Photos from the Cable & Telecommunications Human Resources Association's annual Symposium and Awards Luncheon, held in Atlanta on May 2.
Satellite Data Reseller Withdraws Slam at Cable Broadband Policy and People
Editor’s Note: This is an updated version of a blog posted on January 31. The author has confirmed that the infographic was created and posted by an independent HughesNet distributor in Florida which mistakenly used a HughesNet logo with its ad integrated into sales message at the bottom of the Website. The company’s president told the author that the “The State of the Internet in the US Infographic” was not authorized or even seen in advance by HughesNet or its parent company EchoStar, and that the site, which debuted on January 30, would be taken down. This blog mistakenly identified the owner of the web site as HughesNet and, by extension, parent company EchoStar, which was incorrect. The author and Multichannel News apologize for that error.
A seemingly benign State of the Internet in the U.S. infographic has triggered a thunderstorm of controversy, although much of its message includes familiar competitive rhetoric about high-speed access.
Fast Bridges Inc., a year-old Jacksonville, Fla. authorized reseller of HughesNet satellite Internet access service, put up the website on January 30. The site opened with familiar broadband comparisons about slower U.S. speeds and higher prices than Internet service other developed countries and then focused on “Powerful Companies,” noting that Comcast, Time Warner Cable and Verizon “control 48% market share” of high-speed service. The site’s next section focused on the salaries of four top communications CEOs from Comcast, Time Warner Cable, AT&T and Verizon.
Then a "government" section singled out Michale Powell of NCTA and Meredith Attwell Baker of Comcast for revolving-door themselves from the FCC to cable lobbying.
Finally, the website’s punch line asked: “Should the Internet be controlled by a select few?” It offered a lot of footnotes to “authenticate” the data of its compelling message and then seamlessly flowed into a message for HughesNet High Speed Internet, with a listing that lets you “Find a High Speed Internet Provider in Your State.”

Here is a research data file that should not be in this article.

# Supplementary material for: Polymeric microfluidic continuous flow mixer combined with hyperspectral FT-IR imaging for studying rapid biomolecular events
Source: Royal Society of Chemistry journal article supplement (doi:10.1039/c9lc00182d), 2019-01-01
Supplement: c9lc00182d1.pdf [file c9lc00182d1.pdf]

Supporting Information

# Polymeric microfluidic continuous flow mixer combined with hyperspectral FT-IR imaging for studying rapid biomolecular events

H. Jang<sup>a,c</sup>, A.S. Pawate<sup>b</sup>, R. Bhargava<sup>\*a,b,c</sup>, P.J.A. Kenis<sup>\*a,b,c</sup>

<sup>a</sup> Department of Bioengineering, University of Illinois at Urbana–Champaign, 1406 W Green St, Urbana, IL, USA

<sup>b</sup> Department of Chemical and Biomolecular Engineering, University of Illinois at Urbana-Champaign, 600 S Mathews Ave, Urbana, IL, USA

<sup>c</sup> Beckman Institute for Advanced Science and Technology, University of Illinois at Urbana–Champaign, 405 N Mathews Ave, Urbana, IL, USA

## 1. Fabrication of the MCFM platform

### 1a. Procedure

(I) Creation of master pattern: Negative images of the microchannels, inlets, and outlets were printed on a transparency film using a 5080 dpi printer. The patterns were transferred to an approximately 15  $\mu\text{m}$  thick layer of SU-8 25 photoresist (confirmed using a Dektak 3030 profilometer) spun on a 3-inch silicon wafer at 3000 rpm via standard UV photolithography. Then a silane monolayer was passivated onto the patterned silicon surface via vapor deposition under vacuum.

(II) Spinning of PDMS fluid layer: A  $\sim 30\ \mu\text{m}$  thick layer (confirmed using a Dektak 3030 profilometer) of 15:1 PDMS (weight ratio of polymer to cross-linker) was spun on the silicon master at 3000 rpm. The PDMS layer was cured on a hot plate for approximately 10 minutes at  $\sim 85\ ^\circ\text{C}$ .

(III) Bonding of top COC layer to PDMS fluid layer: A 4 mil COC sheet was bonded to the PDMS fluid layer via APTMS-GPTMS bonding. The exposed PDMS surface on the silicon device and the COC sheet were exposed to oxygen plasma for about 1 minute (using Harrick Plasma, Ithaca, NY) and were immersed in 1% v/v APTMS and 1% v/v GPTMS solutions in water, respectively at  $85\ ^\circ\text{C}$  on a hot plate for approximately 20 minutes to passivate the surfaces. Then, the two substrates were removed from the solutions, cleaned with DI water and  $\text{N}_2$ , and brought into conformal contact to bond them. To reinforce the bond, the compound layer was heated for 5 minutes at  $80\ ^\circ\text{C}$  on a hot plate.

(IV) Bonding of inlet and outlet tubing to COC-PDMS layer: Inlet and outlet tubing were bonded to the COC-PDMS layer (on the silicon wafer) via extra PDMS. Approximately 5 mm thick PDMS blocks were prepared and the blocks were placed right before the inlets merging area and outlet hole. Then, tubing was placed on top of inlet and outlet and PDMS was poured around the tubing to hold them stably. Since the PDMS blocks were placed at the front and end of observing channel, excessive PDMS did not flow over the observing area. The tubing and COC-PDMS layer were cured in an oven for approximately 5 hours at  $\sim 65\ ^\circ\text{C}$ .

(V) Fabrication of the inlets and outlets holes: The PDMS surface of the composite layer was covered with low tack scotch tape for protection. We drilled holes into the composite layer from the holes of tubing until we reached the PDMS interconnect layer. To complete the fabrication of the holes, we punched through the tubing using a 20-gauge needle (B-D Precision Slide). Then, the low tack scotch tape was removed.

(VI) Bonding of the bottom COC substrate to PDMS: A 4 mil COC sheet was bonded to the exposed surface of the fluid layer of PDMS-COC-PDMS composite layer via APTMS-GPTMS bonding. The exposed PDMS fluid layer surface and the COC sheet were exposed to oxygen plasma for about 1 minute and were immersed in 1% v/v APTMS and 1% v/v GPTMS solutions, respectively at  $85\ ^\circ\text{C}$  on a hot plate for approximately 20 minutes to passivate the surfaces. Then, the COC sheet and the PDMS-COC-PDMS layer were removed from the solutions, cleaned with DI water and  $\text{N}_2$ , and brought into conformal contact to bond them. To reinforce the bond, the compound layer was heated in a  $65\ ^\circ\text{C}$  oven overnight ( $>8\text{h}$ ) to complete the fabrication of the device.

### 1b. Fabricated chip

At this point, you might think that this infographic, which quickly went viral among policy wonks, was yet another screed from public interest advocates. Once again, they were picking on the big companies that “control” Internet access.
But at the bottom of the screen is a notation that this site was “Created by Satellite Informant.”
At first, you ponder whether “Satellite Informant” may be an independent research organization, compiling familiar data to support policies for broader Internet distribution. But a couple more clicks – actually a separate search – will bring you to the real source: a reseller of HughesNet. Only if you dial the toll-free phone number at the very bottom of the page can you find out that the entire site is (or was) a message from Fast Bridges, a 16-person independent reseller of HughesNet service.
Kevin Conner, president of Fast Bridges, told me late Friday that, “We made a mistake. We’re growing super fast.” He said that the web designer used a template that included the HughesNet logo from a previous owner of the “Satellite Informant” website.
“The designer used the actual HughesNet logo rather than an ‘authorized retailer’ logo,” Conner said, emphasizing that Satellite Informant is an independent retailer, not part of HughesNet or its parent company EchoStar.
The links at the top of the Website provided the usual social media options of sharing this eye-opening information via Facebook, Twitter, Google+, LinkedIn, Pinterest and other options – making the site look like a policy screed. The sales link in the “more information” section at the bottom of the page connected to a HughesNet marketing site.
With its frequent references to HughesNet as “North America’s #1 high-speed satellite Internet service,” the Satellite Informant site offered extesnsive information about the HughesNet service. For example, a FAQ section cites “up to 1000 Kbps” (maybe that sounds faster than 1 Mbps), and then acknowledges that “during peak times the speed can be 650 Kbps to 750 Kbps.” Of course, there’s an option to upgrade to “HughesNet Elite” which ratchets speeds up to 2.0 Mbps (but 1500 Kbps during peak times).
Fast Bridges’ clever infographic is a timely reminder about the ways in which Web marketing makes it possible – easy – to distract and confuse while appearing to be informative. Conner acknowledges that the original Multichannel News blog about the site created “one of the craziest days of my life” as he had to explain the relationship of his sales entity with the actual service providers.